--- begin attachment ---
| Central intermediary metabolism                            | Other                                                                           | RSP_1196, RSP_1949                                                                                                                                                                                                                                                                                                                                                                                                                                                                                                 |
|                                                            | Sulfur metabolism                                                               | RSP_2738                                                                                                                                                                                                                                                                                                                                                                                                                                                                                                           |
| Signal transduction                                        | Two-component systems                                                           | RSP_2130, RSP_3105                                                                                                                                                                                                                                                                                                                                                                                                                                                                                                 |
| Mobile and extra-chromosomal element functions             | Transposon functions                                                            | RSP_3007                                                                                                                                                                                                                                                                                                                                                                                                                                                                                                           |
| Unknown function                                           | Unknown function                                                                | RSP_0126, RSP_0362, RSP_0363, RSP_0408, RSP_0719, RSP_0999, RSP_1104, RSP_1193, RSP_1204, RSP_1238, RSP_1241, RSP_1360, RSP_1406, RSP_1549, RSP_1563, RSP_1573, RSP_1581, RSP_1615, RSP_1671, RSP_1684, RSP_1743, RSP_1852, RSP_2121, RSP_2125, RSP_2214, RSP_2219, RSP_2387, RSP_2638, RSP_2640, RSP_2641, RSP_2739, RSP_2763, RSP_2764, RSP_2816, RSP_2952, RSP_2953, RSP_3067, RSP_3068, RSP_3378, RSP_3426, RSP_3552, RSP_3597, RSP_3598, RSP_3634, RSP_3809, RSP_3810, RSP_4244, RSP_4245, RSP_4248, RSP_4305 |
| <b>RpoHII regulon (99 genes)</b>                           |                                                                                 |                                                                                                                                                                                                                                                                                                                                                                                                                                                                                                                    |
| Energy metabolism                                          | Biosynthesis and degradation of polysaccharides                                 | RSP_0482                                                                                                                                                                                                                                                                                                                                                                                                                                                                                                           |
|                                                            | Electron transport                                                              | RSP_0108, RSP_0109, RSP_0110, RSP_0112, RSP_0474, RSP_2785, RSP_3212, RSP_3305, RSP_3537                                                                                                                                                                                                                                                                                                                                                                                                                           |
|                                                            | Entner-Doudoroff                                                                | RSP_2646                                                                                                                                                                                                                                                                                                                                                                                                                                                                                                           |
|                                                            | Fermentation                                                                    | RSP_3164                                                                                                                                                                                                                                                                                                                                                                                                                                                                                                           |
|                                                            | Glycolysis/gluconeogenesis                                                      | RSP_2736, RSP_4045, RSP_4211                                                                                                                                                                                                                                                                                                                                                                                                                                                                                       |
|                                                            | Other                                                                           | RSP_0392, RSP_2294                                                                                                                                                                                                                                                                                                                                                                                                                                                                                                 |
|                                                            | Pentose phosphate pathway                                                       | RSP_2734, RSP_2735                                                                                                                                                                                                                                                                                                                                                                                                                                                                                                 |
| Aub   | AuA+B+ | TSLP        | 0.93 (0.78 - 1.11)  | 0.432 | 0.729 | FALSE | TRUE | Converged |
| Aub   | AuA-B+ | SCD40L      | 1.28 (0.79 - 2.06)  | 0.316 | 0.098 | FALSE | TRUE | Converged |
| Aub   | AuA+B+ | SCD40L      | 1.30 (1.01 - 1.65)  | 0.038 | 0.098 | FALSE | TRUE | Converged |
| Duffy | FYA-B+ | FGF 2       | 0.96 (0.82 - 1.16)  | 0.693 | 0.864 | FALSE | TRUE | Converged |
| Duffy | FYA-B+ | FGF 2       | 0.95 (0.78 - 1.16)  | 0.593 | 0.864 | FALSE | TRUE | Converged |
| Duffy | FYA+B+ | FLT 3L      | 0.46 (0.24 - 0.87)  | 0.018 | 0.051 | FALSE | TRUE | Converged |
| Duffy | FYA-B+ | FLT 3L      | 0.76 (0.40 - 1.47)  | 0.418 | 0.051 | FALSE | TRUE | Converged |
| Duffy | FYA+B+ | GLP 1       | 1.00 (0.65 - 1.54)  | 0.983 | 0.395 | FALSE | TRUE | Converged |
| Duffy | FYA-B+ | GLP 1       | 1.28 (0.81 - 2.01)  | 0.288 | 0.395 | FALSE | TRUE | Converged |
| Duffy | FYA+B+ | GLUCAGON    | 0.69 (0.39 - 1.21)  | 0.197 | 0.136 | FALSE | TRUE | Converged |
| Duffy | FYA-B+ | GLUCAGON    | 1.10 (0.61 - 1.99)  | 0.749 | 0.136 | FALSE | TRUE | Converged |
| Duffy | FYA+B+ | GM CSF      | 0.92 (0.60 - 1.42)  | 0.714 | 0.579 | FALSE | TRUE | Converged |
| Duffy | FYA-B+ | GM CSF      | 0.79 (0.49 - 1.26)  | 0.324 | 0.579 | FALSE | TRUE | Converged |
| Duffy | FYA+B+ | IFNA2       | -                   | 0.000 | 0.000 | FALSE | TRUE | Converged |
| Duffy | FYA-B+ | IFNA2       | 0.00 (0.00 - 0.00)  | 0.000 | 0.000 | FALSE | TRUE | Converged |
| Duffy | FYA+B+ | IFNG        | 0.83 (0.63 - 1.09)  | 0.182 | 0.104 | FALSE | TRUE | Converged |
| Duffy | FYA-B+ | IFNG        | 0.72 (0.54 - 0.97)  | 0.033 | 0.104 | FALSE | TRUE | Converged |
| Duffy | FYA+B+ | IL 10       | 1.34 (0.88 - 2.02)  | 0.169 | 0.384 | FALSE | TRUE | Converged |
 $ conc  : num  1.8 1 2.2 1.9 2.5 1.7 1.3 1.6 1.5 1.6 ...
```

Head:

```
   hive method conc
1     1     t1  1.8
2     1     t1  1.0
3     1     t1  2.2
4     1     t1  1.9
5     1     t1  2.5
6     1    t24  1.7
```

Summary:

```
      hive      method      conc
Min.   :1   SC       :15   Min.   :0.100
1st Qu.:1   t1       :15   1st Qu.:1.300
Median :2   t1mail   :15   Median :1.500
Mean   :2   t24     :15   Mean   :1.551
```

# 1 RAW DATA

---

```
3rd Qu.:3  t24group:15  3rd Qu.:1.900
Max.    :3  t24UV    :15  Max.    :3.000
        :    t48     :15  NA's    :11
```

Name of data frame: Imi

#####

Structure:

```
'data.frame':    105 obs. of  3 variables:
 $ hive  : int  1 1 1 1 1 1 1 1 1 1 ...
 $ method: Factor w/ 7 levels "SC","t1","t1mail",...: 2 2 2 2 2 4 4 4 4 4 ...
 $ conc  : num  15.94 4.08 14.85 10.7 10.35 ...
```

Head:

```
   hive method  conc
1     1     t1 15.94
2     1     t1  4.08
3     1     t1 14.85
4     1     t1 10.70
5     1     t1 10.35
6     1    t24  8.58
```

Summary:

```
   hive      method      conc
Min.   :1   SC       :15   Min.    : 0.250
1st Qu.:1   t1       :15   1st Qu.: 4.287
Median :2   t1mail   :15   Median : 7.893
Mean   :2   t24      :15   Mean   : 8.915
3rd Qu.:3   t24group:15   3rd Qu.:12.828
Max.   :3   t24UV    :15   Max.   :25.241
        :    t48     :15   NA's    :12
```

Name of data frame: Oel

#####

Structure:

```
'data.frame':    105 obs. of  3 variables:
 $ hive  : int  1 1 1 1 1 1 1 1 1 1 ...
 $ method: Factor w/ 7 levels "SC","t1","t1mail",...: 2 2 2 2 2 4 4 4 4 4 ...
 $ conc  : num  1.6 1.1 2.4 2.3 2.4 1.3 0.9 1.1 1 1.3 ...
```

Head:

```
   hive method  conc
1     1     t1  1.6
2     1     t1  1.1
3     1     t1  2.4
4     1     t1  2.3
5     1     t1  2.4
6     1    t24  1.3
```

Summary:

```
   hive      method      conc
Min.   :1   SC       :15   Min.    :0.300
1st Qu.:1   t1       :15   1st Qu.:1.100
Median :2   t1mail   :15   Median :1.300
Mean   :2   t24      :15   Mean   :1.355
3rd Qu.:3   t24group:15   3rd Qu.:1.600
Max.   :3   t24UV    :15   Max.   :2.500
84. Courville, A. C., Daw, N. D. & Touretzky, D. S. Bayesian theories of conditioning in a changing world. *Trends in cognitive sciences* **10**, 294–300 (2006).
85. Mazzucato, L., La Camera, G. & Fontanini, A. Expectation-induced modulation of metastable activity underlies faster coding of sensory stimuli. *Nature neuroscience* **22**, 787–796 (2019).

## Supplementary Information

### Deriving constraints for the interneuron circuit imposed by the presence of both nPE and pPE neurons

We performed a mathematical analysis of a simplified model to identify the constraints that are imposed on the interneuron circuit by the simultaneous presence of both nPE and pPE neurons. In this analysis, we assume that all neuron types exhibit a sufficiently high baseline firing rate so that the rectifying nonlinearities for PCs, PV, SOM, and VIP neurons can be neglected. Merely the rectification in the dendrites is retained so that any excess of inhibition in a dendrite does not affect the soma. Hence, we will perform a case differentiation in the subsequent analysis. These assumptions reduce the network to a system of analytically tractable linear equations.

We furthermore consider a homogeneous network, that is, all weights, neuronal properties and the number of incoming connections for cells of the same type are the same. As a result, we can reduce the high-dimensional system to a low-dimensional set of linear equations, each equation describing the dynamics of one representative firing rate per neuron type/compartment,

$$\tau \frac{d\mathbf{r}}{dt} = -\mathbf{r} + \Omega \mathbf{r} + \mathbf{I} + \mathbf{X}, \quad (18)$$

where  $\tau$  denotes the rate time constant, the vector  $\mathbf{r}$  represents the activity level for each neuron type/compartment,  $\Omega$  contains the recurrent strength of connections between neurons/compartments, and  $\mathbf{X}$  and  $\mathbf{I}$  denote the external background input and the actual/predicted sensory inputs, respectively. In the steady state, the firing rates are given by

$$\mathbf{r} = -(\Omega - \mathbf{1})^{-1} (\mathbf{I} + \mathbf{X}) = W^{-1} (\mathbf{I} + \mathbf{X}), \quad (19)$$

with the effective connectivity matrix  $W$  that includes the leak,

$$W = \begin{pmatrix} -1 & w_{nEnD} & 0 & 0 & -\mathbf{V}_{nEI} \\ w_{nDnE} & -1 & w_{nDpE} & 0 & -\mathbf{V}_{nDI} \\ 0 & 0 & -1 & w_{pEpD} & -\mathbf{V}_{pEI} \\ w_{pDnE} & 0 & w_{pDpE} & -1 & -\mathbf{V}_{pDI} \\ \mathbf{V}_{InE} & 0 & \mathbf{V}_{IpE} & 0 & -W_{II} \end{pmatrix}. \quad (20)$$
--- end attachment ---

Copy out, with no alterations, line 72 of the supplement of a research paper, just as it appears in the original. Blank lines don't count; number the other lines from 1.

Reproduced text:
2     1     t1  4.08